Is the S&P 500 making a very bearish pattern right now?

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After a big 5 day rally, the stock market is stalling. Today’s headlines:

  1. Canary in the coal mine: small caps underperforming large caps
  2. NASDAQ’s breadth
  3. Interest rate cuts
  4. Crash pattern
  5. Job openings
  6. Tech’s surge

Go here to understand our fundamentals-driven long term outlook. For reference, here’s the random probability of the U.S. stock market going up on any given day.

Canary in the coal mine?

While small caps outperformed large caps in the initial part of this December 2018 – present rally, small caps have underperformed recently.

The S&P has outperformed the Russell by more than 2.5% since December 24. Is this a “canary in the coal mine”?

Here’s what happens next to the S&P when both the Russell and S&P rally more than 10% in the past 116 days, but the S&P outperformed the Russell by more than 2.5%

Not a “canary in the coal mine”, particularly 3-6 months later.

NASDAQ breadth

The NASDAQ McClellan Summation Index (breadth) has gone up for 2 consecutive days after falling more than 21 consecutive days (1 month) in a row.

This is the end of a long streak in which the NASDAQ McClellan Summation Index fell.

Historically, this was a bullish factor for the NASDAQ 3 months later.

First rate cut

Market participants expect the Fed to cut rates sometime this year.

The common belief is that the Fed’s first rate cut tends to be bearish for the stock market, because the Fed tends to cut as the economy slides into a recession.

Bloomberg had an interesting chart that challenges this assumption.

While the previous 2 “first rate cuts” have been quite bearish (2001 and 2007), the other ones were mostly bullish.

Should a rate cut be treated as a bullish sign?

I don’t think so. It’s important to put a rate cut into context of where we are in the economic expansion cycle.

  1. A rate cut in the middle of the economic expansion is bullish.
  2. A rate cut in the later stages of the economic expansion isn’t as bullish, because it’s like pushing on a string.

For example, there’s only 3 similar historical cases if you only look at the ones in which unemployment was under 5%.

And lastly, rate cuts are not bullish for gold.

Crash

The S&P’s chart looks quite bearish, from a candlestick pattern

  1. The S&P closed in the bottom 20% of its daily range yesterday
  2. The S&P looked similar to a “bearish engulfing pattern” today, whereby its high exceeded yesterday’s high and its low was below yesterday’s low.

*This isn’t technically a “bearish engulfing pattern”. An official bearish engulfing pattern uses the daily OPEN and CLOSE instead of the daily HIGH and LOW.

From 1962 – present, there are only 3 other cases in which the S&P opened and closed in the bottom 20% of its daily range yesterday, today’s high was greater than yesterday’s high and today’s low was below yesterday’s low, and the S&P fell from the open to close today.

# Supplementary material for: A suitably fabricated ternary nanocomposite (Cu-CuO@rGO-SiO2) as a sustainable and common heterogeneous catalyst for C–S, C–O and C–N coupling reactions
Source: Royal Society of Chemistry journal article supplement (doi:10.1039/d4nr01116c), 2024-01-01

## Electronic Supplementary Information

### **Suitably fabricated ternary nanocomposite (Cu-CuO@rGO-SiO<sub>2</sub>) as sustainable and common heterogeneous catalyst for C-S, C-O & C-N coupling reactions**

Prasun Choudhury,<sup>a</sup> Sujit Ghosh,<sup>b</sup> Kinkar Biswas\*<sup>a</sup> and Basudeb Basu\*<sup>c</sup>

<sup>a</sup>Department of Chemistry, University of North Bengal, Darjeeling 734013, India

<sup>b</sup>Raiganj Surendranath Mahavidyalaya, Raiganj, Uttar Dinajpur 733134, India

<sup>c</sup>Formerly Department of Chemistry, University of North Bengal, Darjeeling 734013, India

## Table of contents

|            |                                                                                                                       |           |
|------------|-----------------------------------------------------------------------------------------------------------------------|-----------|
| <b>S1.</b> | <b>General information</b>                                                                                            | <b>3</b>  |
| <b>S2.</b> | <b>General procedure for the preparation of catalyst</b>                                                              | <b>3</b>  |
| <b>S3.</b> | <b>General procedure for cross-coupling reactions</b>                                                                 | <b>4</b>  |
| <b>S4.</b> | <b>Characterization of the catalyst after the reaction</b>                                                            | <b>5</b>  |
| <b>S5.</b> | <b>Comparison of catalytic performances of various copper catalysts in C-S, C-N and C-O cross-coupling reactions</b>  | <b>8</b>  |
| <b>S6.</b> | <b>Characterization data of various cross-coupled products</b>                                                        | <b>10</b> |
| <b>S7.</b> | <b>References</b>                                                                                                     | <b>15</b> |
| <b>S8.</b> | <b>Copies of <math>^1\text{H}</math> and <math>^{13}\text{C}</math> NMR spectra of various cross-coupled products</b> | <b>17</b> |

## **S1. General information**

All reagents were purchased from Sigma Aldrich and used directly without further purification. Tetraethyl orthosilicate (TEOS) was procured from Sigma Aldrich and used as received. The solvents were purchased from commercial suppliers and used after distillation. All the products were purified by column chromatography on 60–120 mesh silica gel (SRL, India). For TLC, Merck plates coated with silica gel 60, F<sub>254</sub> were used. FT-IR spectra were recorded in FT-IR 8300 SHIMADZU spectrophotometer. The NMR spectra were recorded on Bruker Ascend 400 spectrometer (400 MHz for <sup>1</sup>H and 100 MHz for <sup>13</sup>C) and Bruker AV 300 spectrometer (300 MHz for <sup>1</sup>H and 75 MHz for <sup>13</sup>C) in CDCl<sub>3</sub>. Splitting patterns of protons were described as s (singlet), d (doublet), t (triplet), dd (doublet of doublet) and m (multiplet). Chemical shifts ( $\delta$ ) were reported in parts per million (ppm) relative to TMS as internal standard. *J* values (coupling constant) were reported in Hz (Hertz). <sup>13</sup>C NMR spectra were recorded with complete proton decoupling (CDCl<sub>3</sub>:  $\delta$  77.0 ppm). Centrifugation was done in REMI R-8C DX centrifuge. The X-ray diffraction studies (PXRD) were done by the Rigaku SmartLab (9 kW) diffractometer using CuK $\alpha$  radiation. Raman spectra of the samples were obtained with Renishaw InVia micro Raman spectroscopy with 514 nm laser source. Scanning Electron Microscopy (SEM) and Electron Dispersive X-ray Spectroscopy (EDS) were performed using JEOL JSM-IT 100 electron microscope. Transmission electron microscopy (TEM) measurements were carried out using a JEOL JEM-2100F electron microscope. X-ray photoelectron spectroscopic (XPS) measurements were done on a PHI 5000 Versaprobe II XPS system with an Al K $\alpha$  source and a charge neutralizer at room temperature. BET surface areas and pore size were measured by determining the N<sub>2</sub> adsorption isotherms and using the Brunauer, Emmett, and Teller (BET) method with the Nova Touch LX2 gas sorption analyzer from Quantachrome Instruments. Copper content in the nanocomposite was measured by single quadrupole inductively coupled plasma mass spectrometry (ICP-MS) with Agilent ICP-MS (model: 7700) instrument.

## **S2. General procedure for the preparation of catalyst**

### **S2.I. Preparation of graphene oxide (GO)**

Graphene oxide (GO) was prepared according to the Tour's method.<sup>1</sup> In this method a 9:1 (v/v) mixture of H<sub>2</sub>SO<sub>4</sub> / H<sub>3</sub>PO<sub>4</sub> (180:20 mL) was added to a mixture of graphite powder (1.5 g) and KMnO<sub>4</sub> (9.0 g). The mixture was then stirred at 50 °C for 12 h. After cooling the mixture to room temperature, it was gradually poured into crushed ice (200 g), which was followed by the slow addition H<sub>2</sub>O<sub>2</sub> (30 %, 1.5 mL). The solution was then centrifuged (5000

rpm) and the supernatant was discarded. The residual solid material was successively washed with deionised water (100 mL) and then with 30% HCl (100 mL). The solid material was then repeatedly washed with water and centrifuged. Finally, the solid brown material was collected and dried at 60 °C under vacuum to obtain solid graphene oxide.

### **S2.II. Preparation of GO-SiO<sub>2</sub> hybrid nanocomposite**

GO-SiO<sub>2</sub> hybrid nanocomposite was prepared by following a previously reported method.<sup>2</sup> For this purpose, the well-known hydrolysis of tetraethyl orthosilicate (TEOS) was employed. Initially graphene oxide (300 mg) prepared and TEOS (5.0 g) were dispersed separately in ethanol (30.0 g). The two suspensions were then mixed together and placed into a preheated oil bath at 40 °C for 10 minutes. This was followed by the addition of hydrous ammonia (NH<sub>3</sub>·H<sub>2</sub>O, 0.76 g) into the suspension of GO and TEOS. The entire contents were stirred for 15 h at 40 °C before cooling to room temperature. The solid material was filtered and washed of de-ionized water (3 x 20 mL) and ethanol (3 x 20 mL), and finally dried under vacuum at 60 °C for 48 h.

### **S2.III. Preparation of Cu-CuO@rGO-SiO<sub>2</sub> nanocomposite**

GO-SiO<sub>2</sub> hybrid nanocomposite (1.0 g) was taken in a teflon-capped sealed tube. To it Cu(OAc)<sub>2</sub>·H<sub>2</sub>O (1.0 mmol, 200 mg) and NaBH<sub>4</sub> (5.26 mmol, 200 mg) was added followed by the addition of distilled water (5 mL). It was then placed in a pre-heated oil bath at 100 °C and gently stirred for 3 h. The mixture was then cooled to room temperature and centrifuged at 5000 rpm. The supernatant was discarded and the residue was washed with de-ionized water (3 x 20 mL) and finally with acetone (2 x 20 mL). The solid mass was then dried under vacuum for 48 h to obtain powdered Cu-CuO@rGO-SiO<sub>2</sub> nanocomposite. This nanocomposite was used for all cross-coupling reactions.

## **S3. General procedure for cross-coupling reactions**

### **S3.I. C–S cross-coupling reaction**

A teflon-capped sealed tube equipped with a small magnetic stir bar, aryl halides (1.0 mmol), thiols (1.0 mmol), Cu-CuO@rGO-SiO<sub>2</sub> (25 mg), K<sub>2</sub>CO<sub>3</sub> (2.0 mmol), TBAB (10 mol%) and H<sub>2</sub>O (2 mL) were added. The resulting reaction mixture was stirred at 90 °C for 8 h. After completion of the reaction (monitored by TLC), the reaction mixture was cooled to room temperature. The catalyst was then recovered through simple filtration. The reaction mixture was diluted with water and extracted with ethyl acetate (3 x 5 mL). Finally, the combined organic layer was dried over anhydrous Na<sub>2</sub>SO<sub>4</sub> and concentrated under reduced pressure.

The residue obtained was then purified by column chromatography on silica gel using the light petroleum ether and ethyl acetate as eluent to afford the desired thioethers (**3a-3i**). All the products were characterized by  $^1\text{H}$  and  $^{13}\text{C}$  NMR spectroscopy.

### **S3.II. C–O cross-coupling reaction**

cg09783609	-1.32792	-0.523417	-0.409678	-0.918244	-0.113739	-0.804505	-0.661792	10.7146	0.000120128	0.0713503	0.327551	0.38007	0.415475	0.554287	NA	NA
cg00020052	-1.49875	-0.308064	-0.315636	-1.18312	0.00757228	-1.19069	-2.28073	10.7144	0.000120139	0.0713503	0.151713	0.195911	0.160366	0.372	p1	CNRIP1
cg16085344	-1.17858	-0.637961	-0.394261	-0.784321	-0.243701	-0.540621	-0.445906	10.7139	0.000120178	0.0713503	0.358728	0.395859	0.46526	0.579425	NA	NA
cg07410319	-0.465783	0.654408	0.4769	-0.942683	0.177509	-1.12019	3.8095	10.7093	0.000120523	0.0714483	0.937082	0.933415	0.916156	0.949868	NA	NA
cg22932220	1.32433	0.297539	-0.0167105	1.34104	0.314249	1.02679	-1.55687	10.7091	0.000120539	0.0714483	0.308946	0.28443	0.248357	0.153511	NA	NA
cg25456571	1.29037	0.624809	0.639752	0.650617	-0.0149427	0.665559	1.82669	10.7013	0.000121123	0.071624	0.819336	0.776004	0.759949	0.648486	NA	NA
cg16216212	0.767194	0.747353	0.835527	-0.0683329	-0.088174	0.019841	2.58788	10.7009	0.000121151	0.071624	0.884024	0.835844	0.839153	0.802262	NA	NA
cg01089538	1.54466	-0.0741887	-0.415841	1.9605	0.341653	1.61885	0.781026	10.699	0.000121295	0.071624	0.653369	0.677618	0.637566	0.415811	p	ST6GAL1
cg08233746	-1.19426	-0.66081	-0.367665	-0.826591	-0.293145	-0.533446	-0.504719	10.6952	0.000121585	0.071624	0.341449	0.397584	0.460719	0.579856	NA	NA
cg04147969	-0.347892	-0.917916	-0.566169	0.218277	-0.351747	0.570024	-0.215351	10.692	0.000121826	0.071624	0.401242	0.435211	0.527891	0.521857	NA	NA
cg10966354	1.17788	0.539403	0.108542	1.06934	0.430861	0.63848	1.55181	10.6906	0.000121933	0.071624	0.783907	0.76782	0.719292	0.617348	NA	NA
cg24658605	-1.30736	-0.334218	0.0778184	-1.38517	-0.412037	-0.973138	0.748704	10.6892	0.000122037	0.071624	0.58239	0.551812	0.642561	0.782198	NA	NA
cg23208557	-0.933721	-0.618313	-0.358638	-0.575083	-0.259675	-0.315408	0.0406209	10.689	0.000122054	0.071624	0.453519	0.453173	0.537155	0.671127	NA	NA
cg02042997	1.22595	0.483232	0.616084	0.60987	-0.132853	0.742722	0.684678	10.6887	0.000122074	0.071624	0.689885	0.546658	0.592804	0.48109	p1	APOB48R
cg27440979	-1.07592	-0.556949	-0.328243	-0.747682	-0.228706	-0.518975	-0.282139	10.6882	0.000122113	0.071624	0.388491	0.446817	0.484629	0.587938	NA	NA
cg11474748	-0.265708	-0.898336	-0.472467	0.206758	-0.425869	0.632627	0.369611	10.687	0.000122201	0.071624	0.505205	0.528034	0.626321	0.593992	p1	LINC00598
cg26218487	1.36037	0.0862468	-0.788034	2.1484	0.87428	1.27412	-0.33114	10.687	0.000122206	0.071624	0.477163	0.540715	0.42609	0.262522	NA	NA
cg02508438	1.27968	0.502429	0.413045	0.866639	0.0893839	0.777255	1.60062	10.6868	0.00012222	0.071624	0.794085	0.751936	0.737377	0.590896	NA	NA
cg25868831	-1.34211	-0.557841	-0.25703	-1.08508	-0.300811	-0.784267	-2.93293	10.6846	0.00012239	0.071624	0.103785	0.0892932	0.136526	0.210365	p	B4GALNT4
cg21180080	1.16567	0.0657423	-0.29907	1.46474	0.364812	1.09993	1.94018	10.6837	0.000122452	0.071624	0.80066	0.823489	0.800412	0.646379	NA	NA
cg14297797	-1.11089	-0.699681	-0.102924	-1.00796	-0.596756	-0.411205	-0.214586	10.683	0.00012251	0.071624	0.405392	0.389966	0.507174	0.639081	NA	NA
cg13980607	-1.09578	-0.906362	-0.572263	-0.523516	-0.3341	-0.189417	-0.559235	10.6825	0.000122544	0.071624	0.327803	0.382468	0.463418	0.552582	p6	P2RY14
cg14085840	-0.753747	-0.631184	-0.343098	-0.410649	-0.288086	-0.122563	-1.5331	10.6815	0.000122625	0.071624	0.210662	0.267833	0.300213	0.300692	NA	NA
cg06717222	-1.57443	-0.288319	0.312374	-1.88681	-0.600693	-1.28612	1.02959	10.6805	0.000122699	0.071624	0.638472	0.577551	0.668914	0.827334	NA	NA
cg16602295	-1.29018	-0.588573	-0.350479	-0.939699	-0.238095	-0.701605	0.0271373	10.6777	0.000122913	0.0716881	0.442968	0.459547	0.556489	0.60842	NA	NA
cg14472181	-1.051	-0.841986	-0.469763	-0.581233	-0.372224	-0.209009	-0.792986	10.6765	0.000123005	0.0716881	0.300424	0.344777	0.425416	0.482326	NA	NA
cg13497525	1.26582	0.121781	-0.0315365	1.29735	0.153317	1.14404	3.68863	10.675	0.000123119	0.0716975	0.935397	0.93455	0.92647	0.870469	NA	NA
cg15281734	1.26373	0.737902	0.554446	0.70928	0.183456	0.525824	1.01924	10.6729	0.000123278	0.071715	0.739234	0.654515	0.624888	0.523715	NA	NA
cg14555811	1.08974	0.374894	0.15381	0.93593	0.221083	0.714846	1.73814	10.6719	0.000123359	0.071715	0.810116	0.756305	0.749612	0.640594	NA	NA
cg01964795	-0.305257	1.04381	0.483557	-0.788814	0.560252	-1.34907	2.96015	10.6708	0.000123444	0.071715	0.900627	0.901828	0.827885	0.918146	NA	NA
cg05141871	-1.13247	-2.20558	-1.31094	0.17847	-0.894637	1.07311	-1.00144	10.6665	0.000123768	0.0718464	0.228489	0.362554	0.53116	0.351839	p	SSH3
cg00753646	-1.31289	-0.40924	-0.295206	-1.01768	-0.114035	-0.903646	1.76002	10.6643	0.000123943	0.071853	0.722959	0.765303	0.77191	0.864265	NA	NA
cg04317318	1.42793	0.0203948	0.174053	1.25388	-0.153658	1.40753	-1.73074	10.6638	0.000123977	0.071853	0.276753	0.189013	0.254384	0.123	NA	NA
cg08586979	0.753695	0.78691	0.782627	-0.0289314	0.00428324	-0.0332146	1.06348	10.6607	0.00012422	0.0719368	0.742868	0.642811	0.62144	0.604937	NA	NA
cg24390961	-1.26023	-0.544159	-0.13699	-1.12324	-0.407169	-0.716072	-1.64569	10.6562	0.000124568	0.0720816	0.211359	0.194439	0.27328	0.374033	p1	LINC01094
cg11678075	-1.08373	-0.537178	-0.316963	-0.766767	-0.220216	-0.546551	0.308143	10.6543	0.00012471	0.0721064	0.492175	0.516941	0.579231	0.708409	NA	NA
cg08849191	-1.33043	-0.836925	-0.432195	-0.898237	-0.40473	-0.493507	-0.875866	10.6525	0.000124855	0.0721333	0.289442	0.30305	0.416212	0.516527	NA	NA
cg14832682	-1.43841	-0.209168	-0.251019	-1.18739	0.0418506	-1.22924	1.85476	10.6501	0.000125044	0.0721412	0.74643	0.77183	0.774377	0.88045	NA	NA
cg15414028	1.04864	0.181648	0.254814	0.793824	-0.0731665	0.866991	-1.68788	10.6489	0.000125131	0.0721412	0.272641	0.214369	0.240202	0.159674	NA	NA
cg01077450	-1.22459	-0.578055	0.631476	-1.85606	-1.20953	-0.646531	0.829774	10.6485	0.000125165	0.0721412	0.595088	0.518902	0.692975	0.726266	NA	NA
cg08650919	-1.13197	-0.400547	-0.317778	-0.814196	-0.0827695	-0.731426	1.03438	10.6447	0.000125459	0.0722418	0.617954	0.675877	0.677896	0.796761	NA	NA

Of course we remember the most famous case:

Does this mean that today is 1987 “all over again”? No. I wouldn’t use n=3.

Job openings

The latest reading for Job Openings in construction surged from the previous reading. This indicator tends to trend higher in a bull market and trend lower in a bear market.

Job Openings is very choppy from month-to-month, so we can take a 12 month moving average to make this useful.

Here’s what happens when you buy the S&P when Job Openings’ 12 month average is going up, and sell when Job Openings’ 12 month average isn’t going up.

This is just one example of macro, which is still supportive of stocks right now.

S&P 500 tech spike

The tech sector spiked from last week to yesterday, make this the biggest 5 day spike since July 2009.

*The S&P 500 Information Technology sector is similar to the NASDAQ

Here’s what happens next to the tech sector when it spikes more than 8.9% over the past 5 days, while above its 200 dma.

Here’s what happens next to the S&P.

A slight bearish factor over the next 2-4 weeks.

We don’t use our discretionary outlook for trading. We use our quantitative trading models because they are end-to-end systems that tell you how to trade ALL THE TIME, even when our discretionary outlook is mixed. Members can see our model’s latest trades here updated in real-time.

Conclusion

Here is our discretionary market outlook:

  1. The U.S. stock market’s long term risk:reward is not bullish. In a most optimistic scenario, the bull market probably has 1 year left.
  2. Most of the medium term market studies (e.g. next 6-9 months) are bullish, although a few of trend following studies are starting to become bearish.
  3. Market studies for the next 2-3 months lean bullish
  4. Market studies over the next 1-2 weeks are mixed (some bullish and some bearish). Trade war news only adds to this uncertainty.
  5. We focus on the medium-long term.

Goldman Sachs’ Bull/Bear Indicator demonstrates that risk:reward does favor long term bears.

 

 

 

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